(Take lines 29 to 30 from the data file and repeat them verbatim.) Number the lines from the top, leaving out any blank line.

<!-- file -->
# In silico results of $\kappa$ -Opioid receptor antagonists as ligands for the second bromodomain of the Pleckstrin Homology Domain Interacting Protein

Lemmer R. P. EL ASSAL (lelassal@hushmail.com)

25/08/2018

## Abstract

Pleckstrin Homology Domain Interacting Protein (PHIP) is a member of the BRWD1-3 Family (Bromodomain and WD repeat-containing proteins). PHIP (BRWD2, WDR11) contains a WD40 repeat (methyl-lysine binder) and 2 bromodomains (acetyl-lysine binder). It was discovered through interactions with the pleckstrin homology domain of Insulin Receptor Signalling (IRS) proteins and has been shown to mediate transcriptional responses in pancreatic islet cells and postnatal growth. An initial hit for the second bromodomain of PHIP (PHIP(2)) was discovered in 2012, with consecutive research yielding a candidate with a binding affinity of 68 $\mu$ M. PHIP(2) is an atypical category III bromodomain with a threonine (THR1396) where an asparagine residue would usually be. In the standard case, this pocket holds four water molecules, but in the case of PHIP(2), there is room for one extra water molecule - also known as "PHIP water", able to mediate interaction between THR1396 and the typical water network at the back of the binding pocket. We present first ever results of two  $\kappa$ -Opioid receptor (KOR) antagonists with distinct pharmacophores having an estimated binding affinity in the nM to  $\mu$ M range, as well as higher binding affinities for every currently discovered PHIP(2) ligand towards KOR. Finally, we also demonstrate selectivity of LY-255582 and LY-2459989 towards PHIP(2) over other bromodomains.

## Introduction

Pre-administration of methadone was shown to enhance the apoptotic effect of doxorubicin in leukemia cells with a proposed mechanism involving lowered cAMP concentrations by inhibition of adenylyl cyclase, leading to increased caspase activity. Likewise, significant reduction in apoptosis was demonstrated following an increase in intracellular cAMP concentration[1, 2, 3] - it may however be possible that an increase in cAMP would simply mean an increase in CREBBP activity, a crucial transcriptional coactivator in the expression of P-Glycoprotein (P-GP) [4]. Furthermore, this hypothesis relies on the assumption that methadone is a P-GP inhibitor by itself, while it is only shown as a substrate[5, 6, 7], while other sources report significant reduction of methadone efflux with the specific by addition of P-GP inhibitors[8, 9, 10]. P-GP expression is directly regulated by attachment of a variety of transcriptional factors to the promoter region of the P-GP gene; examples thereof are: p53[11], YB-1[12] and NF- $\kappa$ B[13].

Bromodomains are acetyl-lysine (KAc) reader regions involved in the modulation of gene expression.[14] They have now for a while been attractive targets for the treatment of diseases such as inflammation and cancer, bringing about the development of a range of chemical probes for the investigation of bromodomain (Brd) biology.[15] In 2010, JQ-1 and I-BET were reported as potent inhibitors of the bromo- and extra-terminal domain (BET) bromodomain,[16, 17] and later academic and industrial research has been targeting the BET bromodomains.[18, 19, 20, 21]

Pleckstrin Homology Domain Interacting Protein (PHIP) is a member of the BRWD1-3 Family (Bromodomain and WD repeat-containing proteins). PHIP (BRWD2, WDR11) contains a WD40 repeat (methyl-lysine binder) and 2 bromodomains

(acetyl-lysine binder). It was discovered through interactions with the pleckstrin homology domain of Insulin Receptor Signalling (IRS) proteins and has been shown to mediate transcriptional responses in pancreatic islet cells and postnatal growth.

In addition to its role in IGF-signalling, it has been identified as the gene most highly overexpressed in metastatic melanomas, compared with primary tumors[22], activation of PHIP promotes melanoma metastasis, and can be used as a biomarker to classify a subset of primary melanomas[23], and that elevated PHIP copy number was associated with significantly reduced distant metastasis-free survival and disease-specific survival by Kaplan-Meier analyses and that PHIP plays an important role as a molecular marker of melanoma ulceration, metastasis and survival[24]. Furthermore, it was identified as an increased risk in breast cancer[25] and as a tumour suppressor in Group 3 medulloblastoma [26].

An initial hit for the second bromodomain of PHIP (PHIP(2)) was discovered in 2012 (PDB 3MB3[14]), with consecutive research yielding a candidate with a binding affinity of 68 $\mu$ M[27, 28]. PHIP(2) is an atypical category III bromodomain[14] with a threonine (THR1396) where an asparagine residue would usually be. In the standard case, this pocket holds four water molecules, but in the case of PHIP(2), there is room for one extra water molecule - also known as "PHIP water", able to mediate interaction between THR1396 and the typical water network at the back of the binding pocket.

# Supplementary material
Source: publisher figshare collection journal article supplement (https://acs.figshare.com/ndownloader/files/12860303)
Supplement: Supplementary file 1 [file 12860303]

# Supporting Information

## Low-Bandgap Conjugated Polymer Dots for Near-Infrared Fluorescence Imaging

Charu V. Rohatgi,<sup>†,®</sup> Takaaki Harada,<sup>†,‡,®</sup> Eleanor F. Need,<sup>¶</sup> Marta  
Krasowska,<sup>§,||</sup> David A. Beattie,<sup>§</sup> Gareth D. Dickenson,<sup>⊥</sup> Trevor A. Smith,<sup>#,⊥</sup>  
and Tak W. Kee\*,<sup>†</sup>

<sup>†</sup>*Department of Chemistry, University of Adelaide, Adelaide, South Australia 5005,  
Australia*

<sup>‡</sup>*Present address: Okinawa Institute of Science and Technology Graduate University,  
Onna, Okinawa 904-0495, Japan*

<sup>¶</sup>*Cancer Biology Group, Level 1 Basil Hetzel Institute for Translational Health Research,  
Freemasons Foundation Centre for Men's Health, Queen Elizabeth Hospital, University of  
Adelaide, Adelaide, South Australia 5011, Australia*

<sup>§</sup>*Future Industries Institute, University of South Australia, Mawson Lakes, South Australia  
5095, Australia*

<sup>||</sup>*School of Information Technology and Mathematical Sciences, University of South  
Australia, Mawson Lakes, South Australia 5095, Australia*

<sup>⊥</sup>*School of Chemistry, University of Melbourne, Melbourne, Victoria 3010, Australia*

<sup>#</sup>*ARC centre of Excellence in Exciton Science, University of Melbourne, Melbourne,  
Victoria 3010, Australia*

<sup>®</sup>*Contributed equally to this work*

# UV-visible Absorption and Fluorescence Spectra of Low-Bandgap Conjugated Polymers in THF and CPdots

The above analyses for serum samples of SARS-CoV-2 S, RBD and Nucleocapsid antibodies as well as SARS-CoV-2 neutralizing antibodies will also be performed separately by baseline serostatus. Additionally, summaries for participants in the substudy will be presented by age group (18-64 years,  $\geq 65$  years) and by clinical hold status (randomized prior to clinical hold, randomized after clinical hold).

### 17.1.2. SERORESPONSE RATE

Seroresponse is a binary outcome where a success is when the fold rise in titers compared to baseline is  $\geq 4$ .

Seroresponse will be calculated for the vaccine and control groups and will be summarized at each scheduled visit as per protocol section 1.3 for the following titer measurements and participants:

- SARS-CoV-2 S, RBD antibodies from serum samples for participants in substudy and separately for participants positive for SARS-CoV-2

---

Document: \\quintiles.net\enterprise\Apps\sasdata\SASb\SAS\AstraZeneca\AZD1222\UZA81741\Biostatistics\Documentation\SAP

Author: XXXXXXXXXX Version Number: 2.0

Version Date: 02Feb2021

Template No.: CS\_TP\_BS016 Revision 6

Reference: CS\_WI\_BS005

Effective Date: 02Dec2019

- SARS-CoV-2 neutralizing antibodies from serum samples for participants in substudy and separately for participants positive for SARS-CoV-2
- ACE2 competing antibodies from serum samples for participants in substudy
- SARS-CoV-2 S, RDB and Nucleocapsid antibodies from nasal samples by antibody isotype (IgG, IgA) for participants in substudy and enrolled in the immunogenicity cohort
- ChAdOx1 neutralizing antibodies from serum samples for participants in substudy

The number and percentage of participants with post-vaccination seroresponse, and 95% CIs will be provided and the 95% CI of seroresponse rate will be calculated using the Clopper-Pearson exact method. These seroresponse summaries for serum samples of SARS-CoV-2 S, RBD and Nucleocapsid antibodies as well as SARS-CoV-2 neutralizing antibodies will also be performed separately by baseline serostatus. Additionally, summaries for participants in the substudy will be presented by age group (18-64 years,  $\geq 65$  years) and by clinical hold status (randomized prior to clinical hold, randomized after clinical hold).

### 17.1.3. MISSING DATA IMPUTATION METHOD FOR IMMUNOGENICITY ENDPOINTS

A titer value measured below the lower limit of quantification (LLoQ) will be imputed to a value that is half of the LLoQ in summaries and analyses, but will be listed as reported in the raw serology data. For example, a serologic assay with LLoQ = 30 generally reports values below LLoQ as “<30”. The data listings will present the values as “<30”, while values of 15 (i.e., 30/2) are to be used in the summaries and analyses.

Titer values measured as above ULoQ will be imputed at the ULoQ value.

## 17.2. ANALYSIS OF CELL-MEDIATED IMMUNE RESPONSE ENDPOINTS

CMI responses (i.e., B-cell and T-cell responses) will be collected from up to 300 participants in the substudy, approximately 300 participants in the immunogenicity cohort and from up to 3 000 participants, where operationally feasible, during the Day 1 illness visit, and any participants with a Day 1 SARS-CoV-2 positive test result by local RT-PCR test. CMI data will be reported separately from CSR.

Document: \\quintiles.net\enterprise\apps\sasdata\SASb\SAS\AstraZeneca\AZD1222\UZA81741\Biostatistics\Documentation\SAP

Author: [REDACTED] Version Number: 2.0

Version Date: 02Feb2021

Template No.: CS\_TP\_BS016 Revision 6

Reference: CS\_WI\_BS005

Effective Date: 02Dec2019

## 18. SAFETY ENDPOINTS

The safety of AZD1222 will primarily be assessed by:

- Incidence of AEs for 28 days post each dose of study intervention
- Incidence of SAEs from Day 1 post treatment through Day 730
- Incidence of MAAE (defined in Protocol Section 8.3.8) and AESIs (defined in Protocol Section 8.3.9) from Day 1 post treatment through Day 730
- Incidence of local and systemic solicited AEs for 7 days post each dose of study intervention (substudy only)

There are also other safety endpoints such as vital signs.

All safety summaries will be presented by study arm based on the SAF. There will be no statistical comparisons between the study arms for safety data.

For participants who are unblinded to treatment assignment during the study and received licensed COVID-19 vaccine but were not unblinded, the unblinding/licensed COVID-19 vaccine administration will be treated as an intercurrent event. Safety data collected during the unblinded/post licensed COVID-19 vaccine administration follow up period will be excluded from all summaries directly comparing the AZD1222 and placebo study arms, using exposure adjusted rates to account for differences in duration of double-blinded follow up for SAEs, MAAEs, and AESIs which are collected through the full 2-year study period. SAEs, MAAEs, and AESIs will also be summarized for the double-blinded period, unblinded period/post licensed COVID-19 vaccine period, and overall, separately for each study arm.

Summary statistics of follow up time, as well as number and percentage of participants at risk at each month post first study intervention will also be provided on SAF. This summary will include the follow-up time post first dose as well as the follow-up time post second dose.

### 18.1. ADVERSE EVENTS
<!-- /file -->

5095, Australia*

<sup>||</sup>*School of Information Technology and Mathematical Sciences, University of South  